It is also true that many people don’t know who the first minister is and 43% weren’t aware that health was a devolved matter. This can be explained by the low key style of both Carwyn Jones and later Mike Drakeford and the lack of Welsh media and most of what happens in Wales goes under the radar of the UK media. While the tabloids endlessly discuss whether Corbyn danced at the cenotaph, have they noticed that a Corbynista (at least nominally) is in charge of Wales and that one of the main parties has a policy to legalize drugs. Question Time hasn’t caught up with reality either and doesn’t invite assembly members on their panel, unless they are also party leaders.
Due to the element of PR the assembly is better representative of people’s views. It has always meant cooperation across party lines and this has never meant unstable government as detractors like to claim. And though the assembly is held two-thirds by progressive parties, the Conservatives and UKIP have benefited from this aspect of the system.
The Conservatives initially put up a half-hearted campaign against it in the 97 referendum and their subsequent manifesto called for a 2nd referendum with an option to abolish it. But gradually they have come round to the idea and though traditionally thought of as an English party, due to the Assembly they have to some extent to create a distinct Welsh identity that they never had before. But they still lack the grassroots in a lot of Wales and with a lot of the UK media ignoring Wales they have difficulties in making further headway.
UKIP have also had a contradictory relationship. In the referendum of 97 they were against it and in the following election their policy was to abolish it. In their party political broadcast they infamously had someone announce that policy in a mock Welsh accent. But low and behold they got the representation denied to them in the Westminster elections and so they reversed the initial decision. But having them inside the assembly has shown them up for what they are really like, with their infighting, carpet-bagging, anti-immigrant sentiment and extravagant expense claims. As they say it is better to have them inside the tent pissing on each other than outside pissing in. Finally at the point they are likely to lose their few remaining AMs they have reversed their policy again and are now calling for abolishing the assembly again. There is a strange offshoot called the “Abolish the Welsh Assembly Party” which is also attempting a rear-guard action which might well get some electoral success in the next elections.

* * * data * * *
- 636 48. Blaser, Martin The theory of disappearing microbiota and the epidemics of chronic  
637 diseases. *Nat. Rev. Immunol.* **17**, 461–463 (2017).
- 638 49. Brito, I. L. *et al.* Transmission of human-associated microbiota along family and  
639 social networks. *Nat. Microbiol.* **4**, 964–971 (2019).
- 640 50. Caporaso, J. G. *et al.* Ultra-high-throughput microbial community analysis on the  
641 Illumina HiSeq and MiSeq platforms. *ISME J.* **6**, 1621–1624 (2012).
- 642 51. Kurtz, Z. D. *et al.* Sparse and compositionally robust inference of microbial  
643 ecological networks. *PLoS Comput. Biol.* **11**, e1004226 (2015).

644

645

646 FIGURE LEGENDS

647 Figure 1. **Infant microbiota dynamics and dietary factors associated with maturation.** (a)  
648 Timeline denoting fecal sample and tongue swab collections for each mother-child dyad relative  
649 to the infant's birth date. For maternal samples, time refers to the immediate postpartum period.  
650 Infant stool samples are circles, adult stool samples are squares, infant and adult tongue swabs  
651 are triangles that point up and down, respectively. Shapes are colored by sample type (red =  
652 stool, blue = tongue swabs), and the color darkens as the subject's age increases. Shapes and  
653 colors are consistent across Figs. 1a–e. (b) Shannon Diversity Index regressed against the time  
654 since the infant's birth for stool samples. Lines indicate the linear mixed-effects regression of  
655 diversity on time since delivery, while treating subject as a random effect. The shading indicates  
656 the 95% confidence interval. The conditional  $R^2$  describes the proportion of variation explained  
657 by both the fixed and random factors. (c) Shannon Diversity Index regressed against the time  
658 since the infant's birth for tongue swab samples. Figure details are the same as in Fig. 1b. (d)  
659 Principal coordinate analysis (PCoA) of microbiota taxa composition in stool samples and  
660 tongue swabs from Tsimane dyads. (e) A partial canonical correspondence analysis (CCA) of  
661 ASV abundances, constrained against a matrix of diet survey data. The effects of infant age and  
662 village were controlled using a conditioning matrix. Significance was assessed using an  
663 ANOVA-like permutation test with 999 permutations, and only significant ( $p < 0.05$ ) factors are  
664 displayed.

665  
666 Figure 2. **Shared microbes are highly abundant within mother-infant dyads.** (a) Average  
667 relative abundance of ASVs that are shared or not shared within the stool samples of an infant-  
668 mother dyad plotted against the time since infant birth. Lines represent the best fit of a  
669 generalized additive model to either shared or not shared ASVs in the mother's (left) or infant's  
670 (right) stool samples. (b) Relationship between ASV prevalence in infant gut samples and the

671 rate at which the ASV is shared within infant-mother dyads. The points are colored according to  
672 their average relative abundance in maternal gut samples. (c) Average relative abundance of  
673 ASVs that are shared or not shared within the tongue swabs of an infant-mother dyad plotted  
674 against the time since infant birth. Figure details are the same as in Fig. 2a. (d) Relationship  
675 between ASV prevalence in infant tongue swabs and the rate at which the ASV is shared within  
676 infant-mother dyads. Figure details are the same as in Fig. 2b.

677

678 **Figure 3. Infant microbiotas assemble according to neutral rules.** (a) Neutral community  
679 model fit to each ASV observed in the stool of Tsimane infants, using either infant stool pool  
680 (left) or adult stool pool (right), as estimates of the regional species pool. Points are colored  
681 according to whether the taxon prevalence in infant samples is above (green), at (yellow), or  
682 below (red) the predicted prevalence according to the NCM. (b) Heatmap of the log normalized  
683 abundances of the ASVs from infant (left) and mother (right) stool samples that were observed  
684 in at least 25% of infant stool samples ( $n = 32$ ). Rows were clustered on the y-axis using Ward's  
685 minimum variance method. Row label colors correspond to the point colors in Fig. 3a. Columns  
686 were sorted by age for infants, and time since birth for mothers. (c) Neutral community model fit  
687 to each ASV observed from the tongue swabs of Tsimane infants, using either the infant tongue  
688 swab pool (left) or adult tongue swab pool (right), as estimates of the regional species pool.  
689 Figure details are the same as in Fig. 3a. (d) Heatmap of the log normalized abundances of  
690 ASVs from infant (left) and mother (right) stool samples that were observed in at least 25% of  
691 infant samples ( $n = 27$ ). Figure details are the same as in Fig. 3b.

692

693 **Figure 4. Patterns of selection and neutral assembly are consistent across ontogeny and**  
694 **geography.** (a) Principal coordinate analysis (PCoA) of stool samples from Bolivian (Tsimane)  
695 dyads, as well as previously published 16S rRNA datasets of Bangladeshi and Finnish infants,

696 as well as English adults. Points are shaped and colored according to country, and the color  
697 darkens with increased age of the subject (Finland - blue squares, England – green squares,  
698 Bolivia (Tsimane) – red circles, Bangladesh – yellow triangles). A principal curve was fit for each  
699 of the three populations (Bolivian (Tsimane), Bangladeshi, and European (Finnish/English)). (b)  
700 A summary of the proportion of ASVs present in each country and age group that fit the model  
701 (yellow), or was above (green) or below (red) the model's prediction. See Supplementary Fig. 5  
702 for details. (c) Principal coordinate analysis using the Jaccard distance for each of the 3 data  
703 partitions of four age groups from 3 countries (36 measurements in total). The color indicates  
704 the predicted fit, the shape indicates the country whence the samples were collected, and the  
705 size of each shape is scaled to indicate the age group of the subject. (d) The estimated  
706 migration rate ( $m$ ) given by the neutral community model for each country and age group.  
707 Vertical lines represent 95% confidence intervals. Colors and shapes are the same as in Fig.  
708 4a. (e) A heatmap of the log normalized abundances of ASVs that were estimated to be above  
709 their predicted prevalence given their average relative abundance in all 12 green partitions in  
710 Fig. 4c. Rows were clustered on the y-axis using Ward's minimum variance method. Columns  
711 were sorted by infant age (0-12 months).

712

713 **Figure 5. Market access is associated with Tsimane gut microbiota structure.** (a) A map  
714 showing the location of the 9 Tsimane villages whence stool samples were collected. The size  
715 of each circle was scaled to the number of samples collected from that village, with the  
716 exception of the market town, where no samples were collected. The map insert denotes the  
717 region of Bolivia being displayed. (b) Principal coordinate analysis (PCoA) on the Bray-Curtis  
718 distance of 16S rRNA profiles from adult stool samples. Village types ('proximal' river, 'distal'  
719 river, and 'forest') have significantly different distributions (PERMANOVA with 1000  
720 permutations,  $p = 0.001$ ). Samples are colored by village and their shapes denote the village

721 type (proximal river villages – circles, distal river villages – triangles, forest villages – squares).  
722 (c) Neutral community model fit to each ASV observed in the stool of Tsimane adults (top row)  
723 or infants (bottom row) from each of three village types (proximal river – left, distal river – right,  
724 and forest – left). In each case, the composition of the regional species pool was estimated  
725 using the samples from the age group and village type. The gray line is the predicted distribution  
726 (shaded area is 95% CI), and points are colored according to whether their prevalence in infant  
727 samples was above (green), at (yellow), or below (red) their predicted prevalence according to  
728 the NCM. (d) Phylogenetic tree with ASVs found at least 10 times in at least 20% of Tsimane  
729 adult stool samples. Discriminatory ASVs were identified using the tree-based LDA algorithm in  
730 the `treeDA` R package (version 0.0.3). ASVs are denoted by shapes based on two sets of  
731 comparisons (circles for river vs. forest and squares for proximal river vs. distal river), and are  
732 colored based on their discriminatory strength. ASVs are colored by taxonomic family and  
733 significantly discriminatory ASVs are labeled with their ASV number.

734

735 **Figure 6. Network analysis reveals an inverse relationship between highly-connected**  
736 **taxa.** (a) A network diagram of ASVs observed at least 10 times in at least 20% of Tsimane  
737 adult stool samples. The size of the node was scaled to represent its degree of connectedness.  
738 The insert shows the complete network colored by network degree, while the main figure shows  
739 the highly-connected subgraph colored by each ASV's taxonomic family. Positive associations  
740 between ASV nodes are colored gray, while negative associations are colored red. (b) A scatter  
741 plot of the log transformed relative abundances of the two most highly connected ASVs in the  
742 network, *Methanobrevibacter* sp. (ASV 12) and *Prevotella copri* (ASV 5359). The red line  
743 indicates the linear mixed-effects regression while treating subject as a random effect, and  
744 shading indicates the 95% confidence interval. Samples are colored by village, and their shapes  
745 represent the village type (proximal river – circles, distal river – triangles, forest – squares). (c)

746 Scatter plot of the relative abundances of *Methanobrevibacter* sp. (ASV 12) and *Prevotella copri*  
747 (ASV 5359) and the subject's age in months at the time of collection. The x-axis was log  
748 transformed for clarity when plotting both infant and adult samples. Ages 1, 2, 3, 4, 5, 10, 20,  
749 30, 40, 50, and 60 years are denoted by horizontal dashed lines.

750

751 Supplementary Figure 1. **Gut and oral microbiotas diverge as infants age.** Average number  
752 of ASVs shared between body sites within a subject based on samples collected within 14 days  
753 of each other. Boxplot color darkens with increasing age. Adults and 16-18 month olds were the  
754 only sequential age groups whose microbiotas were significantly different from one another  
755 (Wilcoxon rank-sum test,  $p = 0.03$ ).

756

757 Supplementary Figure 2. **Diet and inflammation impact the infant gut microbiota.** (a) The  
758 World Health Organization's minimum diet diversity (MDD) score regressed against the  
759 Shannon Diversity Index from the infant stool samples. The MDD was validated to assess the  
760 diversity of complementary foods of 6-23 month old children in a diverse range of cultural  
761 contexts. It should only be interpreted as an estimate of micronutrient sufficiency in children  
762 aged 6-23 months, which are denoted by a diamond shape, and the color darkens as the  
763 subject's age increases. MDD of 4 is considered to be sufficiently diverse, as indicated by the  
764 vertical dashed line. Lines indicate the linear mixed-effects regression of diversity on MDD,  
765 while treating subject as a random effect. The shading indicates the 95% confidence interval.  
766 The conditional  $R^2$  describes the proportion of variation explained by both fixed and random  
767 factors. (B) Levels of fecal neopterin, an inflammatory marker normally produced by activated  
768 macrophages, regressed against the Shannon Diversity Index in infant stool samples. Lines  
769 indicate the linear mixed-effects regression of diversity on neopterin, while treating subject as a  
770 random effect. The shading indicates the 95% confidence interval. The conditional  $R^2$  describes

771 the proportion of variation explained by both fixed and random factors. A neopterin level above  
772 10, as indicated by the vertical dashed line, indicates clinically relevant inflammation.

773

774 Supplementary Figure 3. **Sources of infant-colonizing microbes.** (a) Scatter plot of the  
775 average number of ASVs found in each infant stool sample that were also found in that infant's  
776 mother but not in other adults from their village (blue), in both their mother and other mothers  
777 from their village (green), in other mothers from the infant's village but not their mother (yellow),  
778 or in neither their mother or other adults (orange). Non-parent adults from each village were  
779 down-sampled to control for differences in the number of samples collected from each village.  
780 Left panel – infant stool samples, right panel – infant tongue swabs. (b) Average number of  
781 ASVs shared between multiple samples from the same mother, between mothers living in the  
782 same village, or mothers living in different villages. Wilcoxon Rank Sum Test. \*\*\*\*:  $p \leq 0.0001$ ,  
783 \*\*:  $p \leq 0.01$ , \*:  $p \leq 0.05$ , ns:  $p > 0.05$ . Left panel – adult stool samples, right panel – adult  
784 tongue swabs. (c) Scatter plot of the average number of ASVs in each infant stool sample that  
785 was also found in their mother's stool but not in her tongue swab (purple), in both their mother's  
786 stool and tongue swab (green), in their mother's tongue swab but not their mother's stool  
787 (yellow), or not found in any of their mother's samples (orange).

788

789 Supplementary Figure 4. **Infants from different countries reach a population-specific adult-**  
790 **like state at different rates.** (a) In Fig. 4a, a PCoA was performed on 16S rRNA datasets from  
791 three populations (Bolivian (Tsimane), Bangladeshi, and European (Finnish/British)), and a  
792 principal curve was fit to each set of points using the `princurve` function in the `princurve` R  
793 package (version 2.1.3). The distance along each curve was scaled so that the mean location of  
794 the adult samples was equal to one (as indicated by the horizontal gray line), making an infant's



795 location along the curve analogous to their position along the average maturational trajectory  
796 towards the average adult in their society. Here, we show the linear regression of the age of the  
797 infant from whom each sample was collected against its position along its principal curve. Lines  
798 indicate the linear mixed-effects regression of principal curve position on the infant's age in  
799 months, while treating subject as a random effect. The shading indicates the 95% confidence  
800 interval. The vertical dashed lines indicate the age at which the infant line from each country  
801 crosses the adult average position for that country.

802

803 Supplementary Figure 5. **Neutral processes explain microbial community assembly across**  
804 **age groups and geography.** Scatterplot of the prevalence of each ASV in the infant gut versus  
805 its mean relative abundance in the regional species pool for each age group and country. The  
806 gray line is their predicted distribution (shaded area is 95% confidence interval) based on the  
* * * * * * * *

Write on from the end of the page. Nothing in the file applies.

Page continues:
The last Westminster election was significant in that Carwyn Jones took over the Westminster campaign rather than the Shadow Welsh Minister whoever he or she is, followed by the Conservative Party leader in the Welsh Assembly. This process will undoubtedly accelerate as the boundary changes are due to axe eleven MPs at the same time as the Assembly may well increase from 60 to 90 AMs. It is due to get tax raising powers, become a proper “Senedd” or parliament and will lower the voting age to 16. All things that can only boost it’s influence. In recent polls 60% of the population thought that the Assembly should get more powers and 51% of young people believed that full independence was going to happen soon.
The assembly has shown consensus and maturity in the Brexit debate. The progressive parties didn’t get their act together to put a clear message forward because it happened straight after the assembly election campaign. This is a pity as the leave vote has weakened the assembly’s hand in negotiations. But in order to minimize the brexit damage they brought out a Norway + style policy in a joint white paper, written mainly by Steffan Lewis of Plaid and also adopted by Labour. This is similar to what the Scottish parties position as well. As the views of the general public in Wales have changed, so has the assembly position – to a more pro-remain position. They recently backed a motion to prepare for a people’s vote.
As the 2018 political year came to an end with the Westminster Pantomime at its worst, we are in an enviable position of having a progressive and representative assembly in Wales. Yes, we have our nutters like Gareth Bennett and Neil Hamilton, but they are safely consigned to the nutty/naughty corner and not anywhere near real power. That can’t be said about the UK parliament with Boris and Jacob Rees Mogg etc.
Maybe there are lessons for the UK and the left in particular to learn from the Welsh experience. The referendum of 79 left a lot of bitterness and division and people can and did make disastrously wrong decisions but they can also change their minds. A national identity can be built and promoted that is inclusive and diverse and doesn’t mean being any less European or internationalist, nor does it mean taking things out on immigrants. That a progressive, democratic government based on cooperation can be elected.
These are things that sprung to mind on that sunny day in August 2018.